The island of Brač was lumpen and foreboding, pine grove on taupe rock, with long, looping roads cuts into the hillsides. Mostly they led to farms—orderly columns of olive trees and grape vines, oil and wine being the two products of Brač. Tiny farmhouses sprung into view from behind folds in the hills and terraced valleys. We passed the pencil-point of Zlatni Rat, an apricot pebble beach poking out into the turquoise water. In this sluice between Brač and Hvar, the wind could be wicked, and there were kite surfers taking advantage, rising with their kites, and whirling with their boards in the air.
We anchored and took the dingy into Bol for some time ashore. After the evening on board, I was eager to stretch my legs, and there was just enough time to make the four-mile round trip to the top of Vidova Gora mountain. The noontime bells of the church were playing a galloping tune, and the smell of garlic and fried rice poured from open windows as I climbed up and out of the town. Striding past bluebells and poppies, I reached the summit. Below me were the banded hills of grey and olive green, and, at the shoreline, the nubbin of Zlatni Rat dotted with umbrellas and sunbathers.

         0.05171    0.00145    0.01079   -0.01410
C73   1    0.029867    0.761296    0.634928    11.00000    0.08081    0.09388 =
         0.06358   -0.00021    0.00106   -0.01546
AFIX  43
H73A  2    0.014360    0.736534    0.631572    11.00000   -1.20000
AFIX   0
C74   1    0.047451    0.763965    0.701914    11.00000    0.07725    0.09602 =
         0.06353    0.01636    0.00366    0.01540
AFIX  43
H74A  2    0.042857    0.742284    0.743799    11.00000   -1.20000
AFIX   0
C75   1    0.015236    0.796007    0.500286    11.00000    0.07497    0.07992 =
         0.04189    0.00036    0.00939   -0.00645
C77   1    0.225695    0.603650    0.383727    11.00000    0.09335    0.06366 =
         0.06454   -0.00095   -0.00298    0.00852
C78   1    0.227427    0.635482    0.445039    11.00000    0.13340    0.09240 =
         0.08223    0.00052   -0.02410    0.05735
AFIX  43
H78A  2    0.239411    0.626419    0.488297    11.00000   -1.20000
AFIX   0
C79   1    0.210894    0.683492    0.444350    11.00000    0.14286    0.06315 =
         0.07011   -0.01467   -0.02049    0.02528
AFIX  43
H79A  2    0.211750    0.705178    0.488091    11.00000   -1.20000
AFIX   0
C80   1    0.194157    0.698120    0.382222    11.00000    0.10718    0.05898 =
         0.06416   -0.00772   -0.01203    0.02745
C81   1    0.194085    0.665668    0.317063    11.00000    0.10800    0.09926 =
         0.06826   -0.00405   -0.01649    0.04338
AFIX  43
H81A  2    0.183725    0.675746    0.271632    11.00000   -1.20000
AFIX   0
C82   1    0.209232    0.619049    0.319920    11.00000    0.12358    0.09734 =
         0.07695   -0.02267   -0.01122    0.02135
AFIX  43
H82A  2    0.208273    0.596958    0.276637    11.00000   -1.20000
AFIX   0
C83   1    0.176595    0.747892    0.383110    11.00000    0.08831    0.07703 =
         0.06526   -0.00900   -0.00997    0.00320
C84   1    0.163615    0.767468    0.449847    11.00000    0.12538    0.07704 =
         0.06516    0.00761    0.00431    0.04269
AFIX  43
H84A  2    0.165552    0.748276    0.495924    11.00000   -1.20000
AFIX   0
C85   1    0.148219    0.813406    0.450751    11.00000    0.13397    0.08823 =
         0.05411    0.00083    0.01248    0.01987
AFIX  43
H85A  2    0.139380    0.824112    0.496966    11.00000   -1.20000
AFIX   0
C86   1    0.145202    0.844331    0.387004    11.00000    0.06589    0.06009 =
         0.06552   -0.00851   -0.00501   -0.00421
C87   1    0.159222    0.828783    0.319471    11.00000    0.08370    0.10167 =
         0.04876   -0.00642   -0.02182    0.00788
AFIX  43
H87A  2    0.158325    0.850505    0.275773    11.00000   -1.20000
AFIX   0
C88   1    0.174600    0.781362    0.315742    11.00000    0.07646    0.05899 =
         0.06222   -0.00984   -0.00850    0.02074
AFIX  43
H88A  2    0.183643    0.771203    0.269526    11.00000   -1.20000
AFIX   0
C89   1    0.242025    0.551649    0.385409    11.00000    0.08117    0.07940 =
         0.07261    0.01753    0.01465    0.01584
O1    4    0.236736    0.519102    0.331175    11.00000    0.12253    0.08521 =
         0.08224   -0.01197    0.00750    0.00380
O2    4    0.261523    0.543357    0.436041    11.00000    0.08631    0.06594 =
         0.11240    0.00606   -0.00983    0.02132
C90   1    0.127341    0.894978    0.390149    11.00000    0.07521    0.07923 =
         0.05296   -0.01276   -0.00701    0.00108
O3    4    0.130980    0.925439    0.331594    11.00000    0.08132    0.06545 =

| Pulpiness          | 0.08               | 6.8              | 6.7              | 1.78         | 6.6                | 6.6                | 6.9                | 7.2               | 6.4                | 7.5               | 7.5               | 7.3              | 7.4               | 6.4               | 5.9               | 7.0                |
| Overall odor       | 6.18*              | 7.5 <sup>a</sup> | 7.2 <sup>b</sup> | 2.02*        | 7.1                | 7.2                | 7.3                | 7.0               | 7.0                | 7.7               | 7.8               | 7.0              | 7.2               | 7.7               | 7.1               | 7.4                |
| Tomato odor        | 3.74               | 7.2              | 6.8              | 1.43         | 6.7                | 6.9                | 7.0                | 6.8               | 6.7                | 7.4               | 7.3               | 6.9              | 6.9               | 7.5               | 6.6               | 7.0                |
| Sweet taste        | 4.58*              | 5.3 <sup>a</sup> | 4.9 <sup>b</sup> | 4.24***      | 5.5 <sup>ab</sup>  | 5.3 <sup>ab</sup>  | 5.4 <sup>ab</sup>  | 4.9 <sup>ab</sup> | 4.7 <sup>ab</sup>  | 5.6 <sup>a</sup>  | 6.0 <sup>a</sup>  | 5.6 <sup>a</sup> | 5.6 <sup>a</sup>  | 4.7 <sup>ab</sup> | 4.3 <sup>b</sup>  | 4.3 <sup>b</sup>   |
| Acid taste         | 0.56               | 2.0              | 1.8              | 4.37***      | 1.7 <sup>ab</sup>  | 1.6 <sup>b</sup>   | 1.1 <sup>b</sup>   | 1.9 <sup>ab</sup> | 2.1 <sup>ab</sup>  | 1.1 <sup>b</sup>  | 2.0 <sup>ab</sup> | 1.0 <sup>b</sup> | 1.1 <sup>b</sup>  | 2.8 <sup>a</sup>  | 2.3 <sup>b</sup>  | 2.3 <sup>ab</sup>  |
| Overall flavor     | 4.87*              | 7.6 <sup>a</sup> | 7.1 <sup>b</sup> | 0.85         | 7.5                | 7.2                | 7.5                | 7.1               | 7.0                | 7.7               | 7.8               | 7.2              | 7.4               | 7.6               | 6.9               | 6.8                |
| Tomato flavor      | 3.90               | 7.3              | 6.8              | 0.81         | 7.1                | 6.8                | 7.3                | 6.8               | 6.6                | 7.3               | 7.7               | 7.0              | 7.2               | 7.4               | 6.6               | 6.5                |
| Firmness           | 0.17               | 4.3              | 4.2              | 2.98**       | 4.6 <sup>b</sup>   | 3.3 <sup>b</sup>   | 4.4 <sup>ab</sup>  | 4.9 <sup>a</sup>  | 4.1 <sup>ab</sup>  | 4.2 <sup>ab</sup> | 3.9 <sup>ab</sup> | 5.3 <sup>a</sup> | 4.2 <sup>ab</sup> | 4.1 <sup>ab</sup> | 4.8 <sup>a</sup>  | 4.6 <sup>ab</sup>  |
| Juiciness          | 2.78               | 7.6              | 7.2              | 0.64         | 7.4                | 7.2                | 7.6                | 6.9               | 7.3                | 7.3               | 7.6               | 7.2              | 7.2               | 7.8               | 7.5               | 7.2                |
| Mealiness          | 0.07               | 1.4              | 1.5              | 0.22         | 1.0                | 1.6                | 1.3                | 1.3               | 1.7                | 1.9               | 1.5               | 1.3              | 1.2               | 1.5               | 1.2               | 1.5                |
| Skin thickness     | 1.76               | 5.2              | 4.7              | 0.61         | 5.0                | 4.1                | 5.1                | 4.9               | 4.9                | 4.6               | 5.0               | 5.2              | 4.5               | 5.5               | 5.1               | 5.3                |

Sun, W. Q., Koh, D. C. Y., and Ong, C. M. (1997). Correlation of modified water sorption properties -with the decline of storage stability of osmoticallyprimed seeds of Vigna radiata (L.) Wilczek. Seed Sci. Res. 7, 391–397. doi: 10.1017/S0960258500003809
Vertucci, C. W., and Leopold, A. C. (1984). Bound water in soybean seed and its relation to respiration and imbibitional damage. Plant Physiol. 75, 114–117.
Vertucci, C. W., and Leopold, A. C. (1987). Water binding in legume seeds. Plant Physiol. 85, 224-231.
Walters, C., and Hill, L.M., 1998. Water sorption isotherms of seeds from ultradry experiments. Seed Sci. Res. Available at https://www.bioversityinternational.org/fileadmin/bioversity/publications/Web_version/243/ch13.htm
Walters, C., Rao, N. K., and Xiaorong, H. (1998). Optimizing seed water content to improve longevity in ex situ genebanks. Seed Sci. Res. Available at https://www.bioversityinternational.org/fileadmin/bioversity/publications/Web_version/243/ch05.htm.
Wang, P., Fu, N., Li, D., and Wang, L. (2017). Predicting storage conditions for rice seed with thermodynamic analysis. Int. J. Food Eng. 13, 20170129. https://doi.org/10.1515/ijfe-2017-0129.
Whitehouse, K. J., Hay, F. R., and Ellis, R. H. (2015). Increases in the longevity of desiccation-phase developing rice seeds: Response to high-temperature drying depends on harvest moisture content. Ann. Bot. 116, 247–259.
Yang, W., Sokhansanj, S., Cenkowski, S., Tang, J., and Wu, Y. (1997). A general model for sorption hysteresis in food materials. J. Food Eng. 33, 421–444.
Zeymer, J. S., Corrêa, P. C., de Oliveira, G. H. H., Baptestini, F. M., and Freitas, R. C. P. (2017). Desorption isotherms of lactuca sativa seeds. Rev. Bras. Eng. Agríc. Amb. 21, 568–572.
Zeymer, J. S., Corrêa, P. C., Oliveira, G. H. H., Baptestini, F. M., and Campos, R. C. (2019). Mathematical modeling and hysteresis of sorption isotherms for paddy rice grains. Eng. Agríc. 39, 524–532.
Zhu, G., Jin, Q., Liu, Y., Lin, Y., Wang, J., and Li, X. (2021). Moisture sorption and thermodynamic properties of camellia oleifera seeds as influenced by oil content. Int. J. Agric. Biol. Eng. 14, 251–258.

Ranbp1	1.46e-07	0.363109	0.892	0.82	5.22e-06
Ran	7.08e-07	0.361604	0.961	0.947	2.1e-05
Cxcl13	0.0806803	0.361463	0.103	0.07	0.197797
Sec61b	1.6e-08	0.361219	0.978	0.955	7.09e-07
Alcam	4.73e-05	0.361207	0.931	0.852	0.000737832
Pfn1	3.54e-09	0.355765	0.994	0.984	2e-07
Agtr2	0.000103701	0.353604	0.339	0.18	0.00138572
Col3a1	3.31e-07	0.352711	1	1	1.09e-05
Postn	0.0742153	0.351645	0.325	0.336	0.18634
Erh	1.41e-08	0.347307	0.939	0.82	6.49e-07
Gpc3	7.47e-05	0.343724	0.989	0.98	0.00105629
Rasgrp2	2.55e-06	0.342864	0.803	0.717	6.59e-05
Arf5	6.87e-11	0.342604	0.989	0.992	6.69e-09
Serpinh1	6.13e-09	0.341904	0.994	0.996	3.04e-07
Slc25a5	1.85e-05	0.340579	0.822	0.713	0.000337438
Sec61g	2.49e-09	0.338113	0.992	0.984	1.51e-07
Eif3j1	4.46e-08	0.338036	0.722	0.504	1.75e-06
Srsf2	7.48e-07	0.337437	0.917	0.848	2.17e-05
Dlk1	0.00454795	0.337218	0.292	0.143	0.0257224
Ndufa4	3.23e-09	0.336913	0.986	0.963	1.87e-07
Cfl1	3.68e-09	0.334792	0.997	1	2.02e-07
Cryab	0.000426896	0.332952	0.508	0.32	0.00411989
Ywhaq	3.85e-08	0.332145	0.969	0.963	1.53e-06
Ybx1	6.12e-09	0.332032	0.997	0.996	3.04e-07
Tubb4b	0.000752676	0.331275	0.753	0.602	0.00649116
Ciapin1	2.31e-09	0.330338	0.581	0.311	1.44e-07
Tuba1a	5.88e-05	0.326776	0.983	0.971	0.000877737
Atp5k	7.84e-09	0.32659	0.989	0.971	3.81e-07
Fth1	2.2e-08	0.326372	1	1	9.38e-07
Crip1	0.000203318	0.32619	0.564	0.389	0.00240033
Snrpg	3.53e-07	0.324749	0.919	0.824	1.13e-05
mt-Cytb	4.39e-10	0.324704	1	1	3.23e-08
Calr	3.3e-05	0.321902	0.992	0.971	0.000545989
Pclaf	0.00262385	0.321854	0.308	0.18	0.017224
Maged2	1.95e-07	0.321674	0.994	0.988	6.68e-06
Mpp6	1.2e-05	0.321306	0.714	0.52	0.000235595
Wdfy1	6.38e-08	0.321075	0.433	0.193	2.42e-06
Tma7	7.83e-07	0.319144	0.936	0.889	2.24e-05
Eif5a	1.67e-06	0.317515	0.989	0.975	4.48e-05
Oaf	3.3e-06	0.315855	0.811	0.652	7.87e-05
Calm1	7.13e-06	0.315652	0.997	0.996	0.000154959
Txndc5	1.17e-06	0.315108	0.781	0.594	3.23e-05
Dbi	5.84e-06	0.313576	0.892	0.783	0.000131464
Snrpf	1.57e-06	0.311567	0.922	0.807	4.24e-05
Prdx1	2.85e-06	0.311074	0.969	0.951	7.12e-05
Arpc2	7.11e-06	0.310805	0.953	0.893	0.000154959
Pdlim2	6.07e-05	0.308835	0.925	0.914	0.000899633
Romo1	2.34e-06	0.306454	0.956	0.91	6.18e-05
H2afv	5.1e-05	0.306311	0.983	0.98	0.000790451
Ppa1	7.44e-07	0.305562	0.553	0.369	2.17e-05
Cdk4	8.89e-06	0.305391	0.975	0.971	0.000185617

Returning to the boat, lunch was, as always, hot and ready, the drinks cool and clinking. Slow-roasted pork belly, and large prawns cooked Buzara-style, in garlic and white wine. And Branco, quick with the ready bottle, attentive to the last.
We sailed through the afternoon to the island of Vis arriving into the horseshoe bay just as evening came, and the air cooled and the light became soft, turning the pale rock used to build the town into a blaze of gold. I strolled along the harbor, thick with masts, listening to the birdsongs of goldfinch, linnet and Eurasian sisken. The view out over the port from the baroque Church of St. Spirit was fine; what was great was sitting at the doorway and listening to the half-dozen babas within singing, and smelling the bubble gum of two young girls who whispered harshly to each other at the threshold until they were shooed away.
Vis was full of children and music. Children played a game of soccer down a side alley, minded little stands selling painted rocks, and fished off a narrow wooden pier. A young woman sat on the seawall doing needlepoint and listening to tamburica folk songs. A woman on the street sat with a display of music boxes for sale. I turned one crank and heard “O Sole Mio,” another was the Beatles “In My Life.”